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Subject: Re: [Boost-build] feature, properties, variants, and all the rest
From: Stefan Seefeld (stefan_at_[hidden])
Date: 2017-07-28 21:49:03

On 28.07.2017 17:09, Steven Watanabe via Boost-build wrote:
> On 07/28/2017 02:22 PM, Stefan Seefeld via Boost-build wrote:
>> On 28.07.2017 15:48, Steven Watanabe via Boost-build wrote:
>>> The order of evaluation is irrelevant, because
>>> the algorithm actually works like this:
>>> <snip>
>> Ah ! I think this is rather important (the behaviour, not the
>> implementation), and should be part of the documentation. Or perhaps it
>> is, and I just haven't found it ?
> There's an abstract description of the behavior here:
> "5. If requirements include a conditional property, and
> condiiton [sic] of this property is true in context of common
> properties, then the conditional property should be in
> common properties as well."

Hmm, that's a bit obscure. (In hindsight, i.e. after your explanations
in this thread, it makes sense, but I would never have been able to come
to that conclusion without it.)
>>>> Of course, looking at a single conditional statement (as in your
>>>> original example), there always is an implied order. But in real-world
>>>> scenarios that may not be the case (if for example configure checks are
>>>> combined with multiple prerequisite targets that all contribute to the
>>>> final property-set for a given target.
>>>> How would b2 handle this ?
>>> If you start from no properties defined, then there
>>> is no way to satisfy these constraints:
>>> A -> (1) requires B
>>> A B -> B is present, so (2) shouldn't add A
>>> A C -> (1) requires B, not C
>>> A B C -> C is extraneous
>>> B -> (1) doesn't add B without A
>>> B C -> There is no reason for B
>>> nothing -> (2) should add A
>>> C -> (2) should add A
>> I don't understand the syntax you use here, and therefore the meaning.
>> What do you mean by "A -> (1) requires B" ?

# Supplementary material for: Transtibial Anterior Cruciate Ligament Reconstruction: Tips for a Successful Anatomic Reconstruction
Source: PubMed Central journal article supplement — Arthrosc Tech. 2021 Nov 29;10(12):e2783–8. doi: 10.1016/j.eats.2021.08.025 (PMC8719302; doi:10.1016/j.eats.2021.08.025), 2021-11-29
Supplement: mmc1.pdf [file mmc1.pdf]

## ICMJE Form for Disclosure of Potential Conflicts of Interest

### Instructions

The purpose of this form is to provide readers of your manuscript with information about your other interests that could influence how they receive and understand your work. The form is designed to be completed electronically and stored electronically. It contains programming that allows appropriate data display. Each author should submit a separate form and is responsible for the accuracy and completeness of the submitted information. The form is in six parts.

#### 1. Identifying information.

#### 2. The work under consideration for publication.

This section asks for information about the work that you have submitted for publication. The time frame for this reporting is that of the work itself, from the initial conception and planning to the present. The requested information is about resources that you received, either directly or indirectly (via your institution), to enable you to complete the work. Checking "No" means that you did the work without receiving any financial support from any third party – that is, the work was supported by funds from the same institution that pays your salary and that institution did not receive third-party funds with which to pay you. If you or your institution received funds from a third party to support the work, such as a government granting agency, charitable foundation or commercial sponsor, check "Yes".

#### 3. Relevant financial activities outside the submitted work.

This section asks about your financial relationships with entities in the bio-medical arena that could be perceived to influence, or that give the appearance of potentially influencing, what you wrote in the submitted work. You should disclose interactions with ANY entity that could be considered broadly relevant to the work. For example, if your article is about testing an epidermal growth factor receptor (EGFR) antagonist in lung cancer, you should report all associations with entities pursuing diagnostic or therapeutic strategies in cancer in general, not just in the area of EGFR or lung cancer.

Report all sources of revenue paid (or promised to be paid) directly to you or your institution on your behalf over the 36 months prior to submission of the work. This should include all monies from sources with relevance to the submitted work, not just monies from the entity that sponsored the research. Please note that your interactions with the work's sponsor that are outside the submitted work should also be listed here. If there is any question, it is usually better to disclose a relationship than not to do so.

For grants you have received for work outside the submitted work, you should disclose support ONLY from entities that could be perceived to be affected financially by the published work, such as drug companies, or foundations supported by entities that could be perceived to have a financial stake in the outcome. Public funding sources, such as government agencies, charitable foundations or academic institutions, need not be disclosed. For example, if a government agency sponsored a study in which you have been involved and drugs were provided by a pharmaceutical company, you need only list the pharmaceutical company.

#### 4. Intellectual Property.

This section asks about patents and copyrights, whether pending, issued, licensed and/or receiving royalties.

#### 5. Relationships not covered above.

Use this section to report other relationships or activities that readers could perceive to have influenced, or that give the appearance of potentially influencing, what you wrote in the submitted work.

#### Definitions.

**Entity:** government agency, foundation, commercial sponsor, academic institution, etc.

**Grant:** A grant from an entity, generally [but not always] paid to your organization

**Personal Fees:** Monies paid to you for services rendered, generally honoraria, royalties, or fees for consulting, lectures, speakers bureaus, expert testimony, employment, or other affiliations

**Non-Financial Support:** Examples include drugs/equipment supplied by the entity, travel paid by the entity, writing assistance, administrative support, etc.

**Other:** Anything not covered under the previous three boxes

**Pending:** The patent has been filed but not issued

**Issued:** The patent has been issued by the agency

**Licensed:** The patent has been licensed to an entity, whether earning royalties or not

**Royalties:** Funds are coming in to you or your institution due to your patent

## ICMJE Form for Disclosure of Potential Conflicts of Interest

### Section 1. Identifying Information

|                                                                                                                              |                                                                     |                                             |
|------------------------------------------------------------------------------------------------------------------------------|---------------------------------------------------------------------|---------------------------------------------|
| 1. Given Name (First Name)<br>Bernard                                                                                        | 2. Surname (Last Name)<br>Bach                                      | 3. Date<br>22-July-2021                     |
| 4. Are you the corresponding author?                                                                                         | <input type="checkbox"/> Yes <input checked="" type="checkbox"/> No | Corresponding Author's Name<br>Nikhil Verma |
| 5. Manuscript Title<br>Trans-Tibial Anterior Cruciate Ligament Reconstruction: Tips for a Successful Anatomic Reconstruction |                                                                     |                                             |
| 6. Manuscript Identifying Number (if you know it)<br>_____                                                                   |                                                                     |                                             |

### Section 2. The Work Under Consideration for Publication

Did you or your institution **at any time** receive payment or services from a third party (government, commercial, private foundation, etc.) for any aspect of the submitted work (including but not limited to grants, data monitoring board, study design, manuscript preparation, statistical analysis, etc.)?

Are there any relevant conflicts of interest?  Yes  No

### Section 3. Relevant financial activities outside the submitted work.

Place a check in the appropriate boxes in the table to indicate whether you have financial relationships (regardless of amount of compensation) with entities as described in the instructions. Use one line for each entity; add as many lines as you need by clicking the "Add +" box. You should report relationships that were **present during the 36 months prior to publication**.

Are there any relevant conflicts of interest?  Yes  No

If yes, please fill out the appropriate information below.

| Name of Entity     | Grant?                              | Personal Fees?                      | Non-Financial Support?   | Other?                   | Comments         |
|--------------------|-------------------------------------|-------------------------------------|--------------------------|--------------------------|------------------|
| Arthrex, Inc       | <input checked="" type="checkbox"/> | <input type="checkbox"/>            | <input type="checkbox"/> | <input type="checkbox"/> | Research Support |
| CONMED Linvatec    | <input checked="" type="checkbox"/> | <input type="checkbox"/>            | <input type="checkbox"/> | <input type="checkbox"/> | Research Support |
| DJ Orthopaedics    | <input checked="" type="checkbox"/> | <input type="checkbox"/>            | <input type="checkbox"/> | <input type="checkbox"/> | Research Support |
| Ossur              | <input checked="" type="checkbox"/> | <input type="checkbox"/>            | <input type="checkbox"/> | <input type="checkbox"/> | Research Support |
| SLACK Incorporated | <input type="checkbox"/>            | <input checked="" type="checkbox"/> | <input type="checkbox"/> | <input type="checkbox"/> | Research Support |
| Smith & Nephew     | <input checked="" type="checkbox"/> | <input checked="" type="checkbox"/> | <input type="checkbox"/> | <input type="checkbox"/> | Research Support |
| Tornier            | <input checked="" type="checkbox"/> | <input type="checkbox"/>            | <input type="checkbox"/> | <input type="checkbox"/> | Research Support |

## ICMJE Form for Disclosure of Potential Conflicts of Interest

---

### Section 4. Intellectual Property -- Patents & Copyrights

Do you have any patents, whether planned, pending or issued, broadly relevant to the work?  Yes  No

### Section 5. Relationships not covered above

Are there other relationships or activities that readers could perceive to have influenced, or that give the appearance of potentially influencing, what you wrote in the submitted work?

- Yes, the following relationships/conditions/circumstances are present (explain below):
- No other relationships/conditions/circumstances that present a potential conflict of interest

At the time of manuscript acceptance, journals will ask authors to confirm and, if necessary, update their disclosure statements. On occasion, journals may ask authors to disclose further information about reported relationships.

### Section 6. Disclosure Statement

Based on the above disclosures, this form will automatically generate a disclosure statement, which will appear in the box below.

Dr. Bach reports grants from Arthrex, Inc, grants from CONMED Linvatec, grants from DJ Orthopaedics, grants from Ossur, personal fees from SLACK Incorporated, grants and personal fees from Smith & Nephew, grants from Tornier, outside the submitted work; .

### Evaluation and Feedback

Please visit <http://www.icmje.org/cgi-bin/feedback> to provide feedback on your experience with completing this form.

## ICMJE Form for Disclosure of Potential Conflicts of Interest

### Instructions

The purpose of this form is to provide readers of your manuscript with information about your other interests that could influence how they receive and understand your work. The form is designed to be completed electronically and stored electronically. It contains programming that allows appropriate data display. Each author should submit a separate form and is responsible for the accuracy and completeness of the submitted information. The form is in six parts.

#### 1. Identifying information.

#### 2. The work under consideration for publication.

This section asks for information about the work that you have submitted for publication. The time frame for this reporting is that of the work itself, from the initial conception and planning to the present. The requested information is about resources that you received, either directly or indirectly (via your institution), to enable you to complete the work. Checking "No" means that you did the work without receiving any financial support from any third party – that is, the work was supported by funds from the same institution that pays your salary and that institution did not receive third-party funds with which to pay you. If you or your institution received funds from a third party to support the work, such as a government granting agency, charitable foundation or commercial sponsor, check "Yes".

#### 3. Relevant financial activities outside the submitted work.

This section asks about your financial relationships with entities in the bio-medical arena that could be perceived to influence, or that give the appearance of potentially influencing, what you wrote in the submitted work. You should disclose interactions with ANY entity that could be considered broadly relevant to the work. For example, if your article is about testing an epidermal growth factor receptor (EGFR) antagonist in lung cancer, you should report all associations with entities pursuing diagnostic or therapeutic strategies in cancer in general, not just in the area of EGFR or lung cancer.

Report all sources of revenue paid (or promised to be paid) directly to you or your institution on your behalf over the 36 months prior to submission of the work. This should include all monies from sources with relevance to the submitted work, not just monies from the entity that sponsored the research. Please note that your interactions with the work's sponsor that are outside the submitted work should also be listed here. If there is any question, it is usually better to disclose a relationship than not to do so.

> On the left hand side is the possible result properties.
> The right side is the reason that this set is not a valid
> result. I listed all 8 combinations of A, B, and C.

OK, thanks.
>> If I follow your rule (about individual constraints being evaluated
>> individually in each iteration), I get this:
>> 0. start with no properties defined
>> 1. iteration: add C (from first condition), add A (from second condition)
>> 2. iteration: keep C, A (from first iteration), add B (from first condition)
>> Have I misunderstood the algorithm ?
> Yes. In iteration 2, there is no keep C, A.
Now you lost me. :-)
What does "iteration" mean if not to continue with the state from the
previous round ?
(The line "current = new-result" in your loop does exactly that, does it
not ?)
>>> Therefore, this is correctly an error.
>>> (Note that anything that contains B would
>>> be consistent if we allow properties to appear
>>> out of the blue, which we don't).
>> Can you elaborate on what you mean by "out of the blue", and thus what
>> is not allowed ?
> What I mean is that every property that appears in
> the result must have a reason for being there, either
> because it is in the initial set of properties or
> because it was added by a conditional as evaluated
> in the context of the result, not some indeterminate
> intermediate context.

What do you mean by "intermediate context" ? Would that be the iteration
2 above, where I wrote "keep C, A" ? It sounds like there lies a
fundamental misunderstanding I have.

> Alright, let's make another attempt to describe the
> expected behavior:
> evaluate-in-context(P, C) = evaluate conditional properties C in the
> context of property-set P and return the added properties. This
> is the basic iteration step. It doesn't do anything fancy.

Return the added properties only, or return the union of the original
properties plus the added ones ? (I think you mean the latter, but given
the above, I'd rather spell it out for avoidance of doubt.)
> P1.refine(P2) = Combine 2 property-sets P1 and P2. Properties from P2
> will override those in P1.

> I = initial properties
> R = result properties
> C = conditional properties
> The key property of the algorithm is that:
> I.refine(evaluate-in-context(R, C)) = R

Right, that much is clear (I think).

      ...ich hab' noch einen Koffer in Berlin...

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